By Niko Georgiades, P2P Foundation
Tools born from the internet, applied across autonomous networks and movements seeking alternatives to capitalism, are providing the infrastructure of alternative societies. In the last of our specials on community currencies and alternative economies, we showcase FairCoop, a self-organized and self-managed global cooperative created through the internet outside the domain of the nation-state.
By Bart Hawkins Kreps, An Outside Chance
Don’t expect a whole lot of taste when you sit down to a plateful of commodities. That might be a fitting but unintended lesson for foodies who work through the new book by Eric Holt-Giménez. A Foodie’s Guide to Capitalism will reward a careful reader with lots of insights – but it won’t do much for the taste buds. While A Foodie’s Guide is lacking in recipes or menu ideas, it shines in helping us to understand the struggles of the men and women who work in the farms and packing plants.
By Kevin Stark, Shareable
SMart is a social enterprise founded in 1998 in Belgium. The project's aim is to simplify the careers of freelancers in cities across Europe where SMart operates. These days, there are many freelancer services — cooperatives, coworking spaces, unions — but at the time of its inception, SMart officials were focused on one subsection of this workforce: artists.
By Nick Hunt, Dark Mountain Project
From February to December 2017, the grounds of Compton Verney Art Gallery hosted a collaborative artwork by Alex Hartley and Tom James (who published part of his Future Manual here two years ago). Inspired by the utopian communities of the 1960s, the Clearing is a geodesic dome constructed from reclaimed materials on the shore of a lake, and occupied year-round by a succession of ‘caretakers’ – an evolving experiment in reskilling and living off grid, ‘a reconstruction of the future as it might be.’
By Dominique Krayenbuhl, Myriapode
In summary, we have on the one hand, scientists insisting that the biosphere is being gravely disrupted by our excesses; on the other hand economists telling us that if growth stops, the economy collapses. So what is the civically minded citizen to make out of this?
By Olaf Weber, Truzaar Dordi, Vasundhara Saravade, The Conversation
Recently, a number of institutional investors, including Caisse de dépôt et placement du Québec in Canada and Norway’s sovereign wealth fund, announced their intent to reduce their exposure in investments linked to fossil fuels. The announcements show that investors withdraw their funds to either mitigate financial risks or for ethical reasons. But the question remains whether divestment and divestment announcements have a financial impact on the share price of fossil fuel companies.
By Steven French, Resilience.org
The thin edge of the wedge has arrived in Whitemore, Tasmania. Got a letter in the mail the other day from the international seed company, Bejo, asking me not to save my own vegetable seeds – specifically beetroot and silver beet. What the shit? Bejo say that they are growing beetroots for seed somewhere in Tasmania – they say not where.
By Ugo Bardi, Cassandra's legacy
The idea of the energy transition ("energiewende" in German) originated in the 1980s and gained legislative support in Germany in 2010. The idea is good and also technically feasible. But it requires sacrifices and, at present, sacrifices are politically unthinkable since most people don't realize how critical the situation really is. What we are doing for the transition seems to be is too little and too late.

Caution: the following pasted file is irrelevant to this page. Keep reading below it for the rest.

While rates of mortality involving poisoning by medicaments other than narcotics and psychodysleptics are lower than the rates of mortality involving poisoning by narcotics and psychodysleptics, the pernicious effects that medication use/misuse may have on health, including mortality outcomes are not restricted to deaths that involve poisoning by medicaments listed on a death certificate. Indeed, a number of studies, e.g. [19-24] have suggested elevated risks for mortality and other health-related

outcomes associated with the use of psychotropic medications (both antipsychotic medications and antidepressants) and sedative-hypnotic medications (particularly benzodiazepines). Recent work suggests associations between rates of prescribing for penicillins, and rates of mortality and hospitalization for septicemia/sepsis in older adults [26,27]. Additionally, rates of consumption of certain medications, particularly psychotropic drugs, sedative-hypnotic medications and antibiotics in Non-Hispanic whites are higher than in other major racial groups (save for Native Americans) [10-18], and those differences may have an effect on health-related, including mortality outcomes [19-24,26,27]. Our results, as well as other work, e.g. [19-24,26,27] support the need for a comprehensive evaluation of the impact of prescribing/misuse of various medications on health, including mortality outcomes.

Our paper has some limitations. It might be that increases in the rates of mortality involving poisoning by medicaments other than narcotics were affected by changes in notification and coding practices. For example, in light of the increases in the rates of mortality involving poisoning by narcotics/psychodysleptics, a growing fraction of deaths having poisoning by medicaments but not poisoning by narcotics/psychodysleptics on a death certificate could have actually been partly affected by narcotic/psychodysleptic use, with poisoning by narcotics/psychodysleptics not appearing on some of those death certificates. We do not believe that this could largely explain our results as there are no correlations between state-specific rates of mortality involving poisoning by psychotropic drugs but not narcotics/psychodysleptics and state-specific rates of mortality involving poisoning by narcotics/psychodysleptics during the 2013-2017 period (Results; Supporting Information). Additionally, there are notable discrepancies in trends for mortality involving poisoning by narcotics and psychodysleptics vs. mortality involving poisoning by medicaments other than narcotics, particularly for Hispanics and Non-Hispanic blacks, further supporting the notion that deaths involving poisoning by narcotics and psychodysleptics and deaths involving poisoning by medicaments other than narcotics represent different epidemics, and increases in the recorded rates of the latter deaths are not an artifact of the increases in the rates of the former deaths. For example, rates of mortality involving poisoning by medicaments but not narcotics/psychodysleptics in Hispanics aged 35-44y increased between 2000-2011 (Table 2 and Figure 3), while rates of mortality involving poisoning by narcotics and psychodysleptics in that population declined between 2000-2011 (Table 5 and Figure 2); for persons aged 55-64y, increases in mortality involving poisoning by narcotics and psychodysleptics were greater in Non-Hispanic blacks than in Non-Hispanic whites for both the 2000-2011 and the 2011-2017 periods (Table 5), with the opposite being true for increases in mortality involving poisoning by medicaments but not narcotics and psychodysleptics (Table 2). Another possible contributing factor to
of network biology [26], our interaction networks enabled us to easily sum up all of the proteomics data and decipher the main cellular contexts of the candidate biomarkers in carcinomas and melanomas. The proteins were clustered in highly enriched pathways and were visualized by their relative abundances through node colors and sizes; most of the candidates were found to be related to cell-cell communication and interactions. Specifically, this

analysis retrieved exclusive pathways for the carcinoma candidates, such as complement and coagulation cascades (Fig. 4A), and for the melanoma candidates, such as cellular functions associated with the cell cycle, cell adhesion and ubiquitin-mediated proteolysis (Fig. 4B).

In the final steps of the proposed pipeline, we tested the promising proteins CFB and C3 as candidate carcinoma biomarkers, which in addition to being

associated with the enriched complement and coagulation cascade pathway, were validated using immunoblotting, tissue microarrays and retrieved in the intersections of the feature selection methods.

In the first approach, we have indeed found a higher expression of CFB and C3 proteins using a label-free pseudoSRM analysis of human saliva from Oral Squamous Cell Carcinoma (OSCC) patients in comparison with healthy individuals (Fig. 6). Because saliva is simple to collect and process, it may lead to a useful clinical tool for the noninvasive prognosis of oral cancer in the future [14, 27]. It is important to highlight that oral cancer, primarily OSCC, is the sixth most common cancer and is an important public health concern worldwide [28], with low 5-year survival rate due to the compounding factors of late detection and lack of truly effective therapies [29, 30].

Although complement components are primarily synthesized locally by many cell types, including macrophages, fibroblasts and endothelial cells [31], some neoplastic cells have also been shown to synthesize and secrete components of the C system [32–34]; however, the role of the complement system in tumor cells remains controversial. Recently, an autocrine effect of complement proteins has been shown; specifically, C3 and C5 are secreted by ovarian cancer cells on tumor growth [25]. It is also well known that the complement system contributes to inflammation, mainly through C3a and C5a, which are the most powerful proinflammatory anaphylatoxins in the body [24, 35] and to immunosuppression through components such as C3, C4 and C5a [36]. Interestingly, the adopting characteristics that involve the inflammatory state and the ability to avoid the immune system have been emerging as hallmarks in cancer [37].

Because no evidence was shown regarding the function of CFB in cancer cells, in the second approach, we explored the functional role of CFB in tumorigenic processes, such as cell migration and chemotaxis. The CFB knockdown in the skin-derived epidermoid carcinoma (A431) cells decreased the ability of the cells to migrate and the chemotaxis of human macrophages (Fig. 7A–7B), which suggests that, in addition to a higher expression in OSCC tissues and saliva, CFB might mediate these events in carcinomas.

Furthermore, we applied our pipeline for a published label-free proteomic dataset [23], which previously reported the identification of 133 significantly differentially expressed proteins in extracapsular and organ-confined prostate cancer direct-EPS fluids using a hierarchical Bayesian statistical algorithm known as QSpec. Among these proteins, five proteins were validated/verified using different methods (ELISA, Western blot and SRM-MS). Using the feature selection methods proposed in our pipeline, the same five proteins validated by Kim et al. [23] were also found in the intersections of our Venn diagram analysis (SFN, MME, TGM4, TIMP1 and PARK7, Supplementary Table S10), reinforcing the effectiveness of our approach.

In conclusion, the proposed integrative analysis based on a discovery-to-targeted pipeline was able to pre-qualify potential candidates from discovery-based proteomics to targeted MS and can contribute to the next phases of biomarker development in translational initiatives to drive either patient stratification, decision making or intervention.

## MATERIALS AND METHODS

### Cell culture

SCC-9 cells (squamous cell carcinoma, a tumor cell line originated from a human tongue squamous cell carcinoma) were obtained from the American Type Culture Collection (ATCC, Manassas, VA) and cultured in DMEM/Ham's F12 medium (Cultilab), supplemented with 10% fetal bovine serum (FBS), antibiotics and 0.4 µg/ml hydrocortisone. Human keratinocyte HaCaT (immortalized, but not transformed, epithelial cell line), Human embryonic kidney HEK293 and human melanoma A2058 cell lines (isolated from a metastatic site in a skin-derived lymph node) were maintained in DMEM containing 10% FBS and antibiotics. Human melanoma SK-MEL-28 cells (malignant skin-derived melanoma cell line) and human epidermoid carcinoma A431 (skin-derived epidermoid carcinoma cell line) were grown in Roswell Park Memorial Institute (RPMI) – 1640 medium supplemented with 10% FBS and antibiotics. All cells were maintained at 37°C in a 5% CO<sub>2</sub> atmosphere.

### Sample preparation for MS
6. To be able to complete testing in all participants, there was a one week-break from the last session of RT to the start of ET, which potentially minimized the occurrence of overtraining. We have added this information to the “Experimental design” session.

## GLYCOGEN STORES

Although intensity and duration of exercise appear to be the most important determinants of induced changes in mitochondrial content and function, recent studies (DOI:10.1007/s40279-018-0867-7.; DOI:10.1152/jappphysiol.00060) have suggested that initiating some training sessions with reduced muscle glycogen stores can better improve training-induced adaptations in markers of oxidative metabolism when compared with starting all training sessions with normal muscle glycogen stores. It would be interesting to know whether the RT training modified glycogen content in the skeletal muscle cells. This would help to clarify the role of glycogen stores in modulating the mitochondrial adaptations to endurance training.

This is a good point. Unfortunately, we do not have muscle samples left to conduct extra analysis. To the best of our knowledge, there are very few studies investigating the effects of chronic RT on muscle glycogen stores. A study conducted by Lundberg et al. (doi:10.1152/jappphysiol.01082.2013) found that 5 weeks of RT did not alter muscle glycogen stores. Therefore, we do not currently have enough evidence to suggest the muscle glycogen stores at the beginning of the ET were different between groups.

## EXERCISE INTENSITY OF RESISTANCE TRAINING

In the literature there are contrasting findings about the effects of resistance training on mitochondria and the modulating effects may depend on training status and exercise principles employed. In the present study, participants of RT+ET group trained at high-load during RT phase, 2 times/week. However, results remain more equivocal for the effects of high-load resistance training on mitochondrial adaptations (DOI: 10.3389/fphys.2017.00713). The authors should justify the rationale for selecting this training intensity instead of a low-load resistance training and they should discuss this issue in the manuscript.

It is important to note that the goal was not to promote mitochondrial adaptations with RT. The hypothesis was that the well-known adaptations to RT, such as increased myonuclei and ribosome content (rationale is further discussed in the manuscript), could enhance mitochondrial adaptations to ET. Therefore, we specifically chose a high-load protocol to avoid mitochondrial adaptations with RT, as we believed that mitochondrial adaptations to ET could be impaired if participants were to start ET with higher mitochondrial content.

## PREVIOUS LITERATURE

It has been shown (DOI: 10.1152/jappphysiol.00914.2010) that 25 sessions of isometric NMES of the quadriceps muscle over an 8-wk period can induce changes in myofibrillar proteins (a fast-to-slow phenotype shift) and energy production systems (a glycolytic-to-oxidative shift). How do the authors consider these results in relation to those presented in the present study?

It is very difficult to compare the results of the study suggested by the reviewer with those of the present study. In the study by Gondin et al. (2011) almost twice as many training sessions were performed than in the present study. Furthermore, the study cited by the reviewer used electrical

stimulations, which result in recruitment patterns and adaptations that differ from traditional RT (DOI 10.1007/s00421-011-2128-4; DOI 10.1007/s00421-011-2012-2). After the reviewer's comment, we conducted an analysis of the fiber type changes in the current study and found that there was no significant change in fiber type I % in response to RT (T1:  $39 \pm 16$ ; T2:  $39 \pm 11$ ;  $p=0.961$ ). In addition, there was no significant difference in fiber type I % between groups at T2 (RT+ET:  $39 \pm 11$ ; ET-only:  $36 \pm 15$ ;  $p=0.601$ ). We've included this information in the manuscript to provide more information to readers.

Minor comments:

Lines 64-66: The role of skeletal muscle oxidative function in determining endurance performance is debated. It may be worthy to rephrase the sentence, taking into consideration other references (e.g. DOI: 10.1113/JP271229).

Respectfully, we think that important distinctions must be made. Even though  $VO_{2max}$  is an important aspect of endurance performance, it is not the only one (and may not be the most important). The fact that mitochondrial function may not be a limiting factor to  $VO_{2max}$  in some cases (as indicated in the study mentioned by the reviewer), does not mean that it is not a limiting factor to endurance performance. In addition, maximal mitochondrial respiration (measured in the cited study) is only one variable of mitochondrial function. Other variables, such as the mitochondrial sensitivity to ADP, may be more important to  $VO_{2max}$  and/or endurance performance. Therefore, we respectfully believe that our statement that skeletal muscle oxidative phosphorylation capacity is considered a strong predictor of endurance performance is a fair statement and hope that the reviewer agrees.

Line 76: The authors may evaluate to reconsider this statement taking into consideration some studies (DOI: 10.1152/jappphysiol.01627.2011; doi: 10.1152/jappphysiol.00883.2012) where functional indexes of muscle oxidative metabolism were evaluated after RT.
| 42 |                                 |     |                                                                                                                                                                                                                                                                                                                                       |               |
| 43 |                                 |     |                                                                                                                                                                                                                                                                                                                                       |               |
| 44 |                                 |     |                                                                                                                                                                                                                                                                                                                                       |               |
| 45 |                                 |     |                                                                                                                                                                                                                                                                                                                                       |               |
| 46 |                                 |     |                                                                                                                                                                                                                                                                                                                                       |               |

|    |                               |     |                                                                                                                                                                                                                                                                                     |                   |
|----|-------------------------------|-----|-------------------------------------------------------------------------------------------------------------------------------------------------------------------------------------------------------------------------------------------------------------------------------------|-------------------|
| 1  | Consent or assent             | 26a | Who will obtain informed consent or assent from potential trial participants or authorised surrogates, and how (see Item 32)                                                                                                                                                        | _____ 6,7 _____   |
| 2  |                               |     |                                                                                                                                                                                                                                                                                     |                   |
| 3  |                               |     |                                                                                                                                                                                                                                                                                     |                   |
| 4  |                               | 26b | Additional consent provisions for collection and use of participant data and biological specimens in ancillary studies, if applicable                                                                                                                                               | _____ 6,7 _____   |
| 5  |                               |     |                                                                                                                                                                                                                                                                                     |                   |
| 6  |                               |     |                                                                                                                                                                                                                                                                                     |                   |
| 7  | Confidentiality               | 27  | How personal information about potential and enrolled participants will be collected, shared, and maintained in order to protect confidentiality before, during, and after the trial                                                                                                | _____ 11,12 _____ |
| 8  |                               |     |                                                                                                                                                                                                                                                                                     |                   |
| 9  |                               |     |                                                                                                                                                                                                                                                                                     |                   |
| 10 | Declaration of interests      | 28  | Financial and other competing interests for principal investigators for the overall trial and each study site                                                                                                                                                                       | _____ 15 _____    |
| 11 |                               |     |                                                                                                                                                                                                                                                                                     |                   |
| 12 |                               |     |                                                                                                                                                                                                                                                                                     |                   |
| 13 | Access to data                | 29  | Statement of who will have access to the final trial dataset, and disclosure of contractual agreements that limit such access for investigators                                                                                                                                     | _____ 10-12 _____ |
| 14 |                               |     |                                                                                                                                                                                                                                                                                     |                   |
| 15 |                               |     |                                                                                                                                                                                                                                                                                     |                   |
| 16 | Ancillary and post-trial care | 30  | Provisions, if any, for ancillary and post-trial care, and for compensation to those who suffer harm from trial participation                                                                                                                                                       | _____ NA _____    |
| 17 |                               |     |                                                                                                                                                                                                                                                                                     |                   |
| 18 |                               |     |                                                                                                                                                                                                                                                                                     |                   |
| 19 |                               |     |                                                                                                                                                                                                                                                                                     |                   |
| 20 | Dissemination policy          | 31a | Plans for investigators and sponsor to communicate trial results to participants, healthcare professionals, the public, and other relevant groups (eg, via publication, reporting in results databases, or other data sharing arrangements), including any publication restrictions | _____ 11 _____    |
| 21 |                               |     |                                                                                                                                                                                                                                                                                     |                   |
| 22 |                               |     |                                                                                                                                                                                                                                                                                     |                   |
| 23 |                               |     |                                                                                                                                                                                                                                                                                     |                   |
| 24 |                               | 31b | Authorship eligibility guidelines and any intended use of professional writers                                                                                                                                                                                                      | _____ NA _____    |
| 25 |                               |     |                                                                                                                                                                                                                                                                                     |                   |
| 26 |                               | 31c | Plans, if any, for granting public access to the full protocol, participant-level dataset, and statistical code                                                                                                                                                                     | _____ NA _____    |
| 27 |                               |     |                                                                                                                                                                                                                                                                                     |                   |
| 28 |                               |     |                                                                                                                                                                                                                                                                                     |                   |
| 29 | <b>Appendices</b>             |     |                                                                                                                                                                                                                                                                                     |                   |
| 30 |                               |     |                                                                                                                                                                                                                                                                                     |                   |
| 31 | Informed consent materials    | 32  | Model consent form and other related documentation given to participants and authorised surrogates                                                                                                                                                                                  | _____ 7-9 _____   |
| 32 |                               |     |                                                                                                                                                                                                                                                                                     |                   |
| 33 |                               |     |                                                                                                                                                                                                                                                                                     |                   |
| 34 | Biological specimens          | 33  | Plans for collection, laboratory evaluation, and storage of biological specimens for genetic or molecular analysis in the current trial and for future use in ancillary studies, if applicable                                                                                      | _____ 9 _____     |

By Chris Smaje, Small Farm Future
As I’ve mentioned, I recently visited Nicaragua as part of a research project on ‘Transitions to agro-ecological food systems’ that I’ve been involved with, conducted by the Institute of Development Studies at the University of Sussex. The research involved working with agro-ecological farmers in the UK, Senegal and Nicaragua, and the trip brought together some of the farmers and researchers from each country. In this post, I thought I’d offer a few informal reflections on the research, and the Nicaragua trip.
By Tom Whipple, ASPO - USA
In the wake of the OPEC decision to extend the production freeze, the oil markets were relatively quiet last week. Prices fell early in the week after the EIA reported a 6.78-million-barrel increase in the US gasoline inventory, but climbed later in the week on reports of near-record Chinese oil imports for November of more than 9 million b/d and concerns about the embassy-in-Jerusalem situation.
By Nathanael Johnson, Grist
For years, environmental justice advocates have been saying that it’s time to shift the focus of the environmental movement from beautiful landscapes and big animals to the people choking on black carbon or poisoned by lead in their water. Now, some of those people who grew up in dumping grounds have come into power and are shaping politics on the world stage. And when California sent a delegation to the U.N. climate conference in Bonn a few weeks ago, it was packed with members of the movement, including state Senator Ricardo Lara.
By Gerardo Torres, Open Democracy
In 2011, TIME magazine mentioned the sharing economy as one of the top 10 ideas that were going to change the world. According to the magazine, the main benefit of the sharing economy is social: "In a time when families are scattered and we do not necessarily know the people in our communities, sharing things – even with strangers that we just met online – allows us to establish meaningful connections".
By Trebor Scholz, Platform Cooperativism
The platform cooperativism movement intervenes at a moment of social crisis in the United States when ninety-four percent of jobs created over the past decade were not in the employment category. In 2016, over twelve million workers have made money on labor platforms. Much of that work is invisible with laborers often exploited, tucked away between algorithms. And over the long-term, as more labor markets shift to the Internet, it also matters that ownership of cloud services and social hangouts on the Internet is highly concentrated.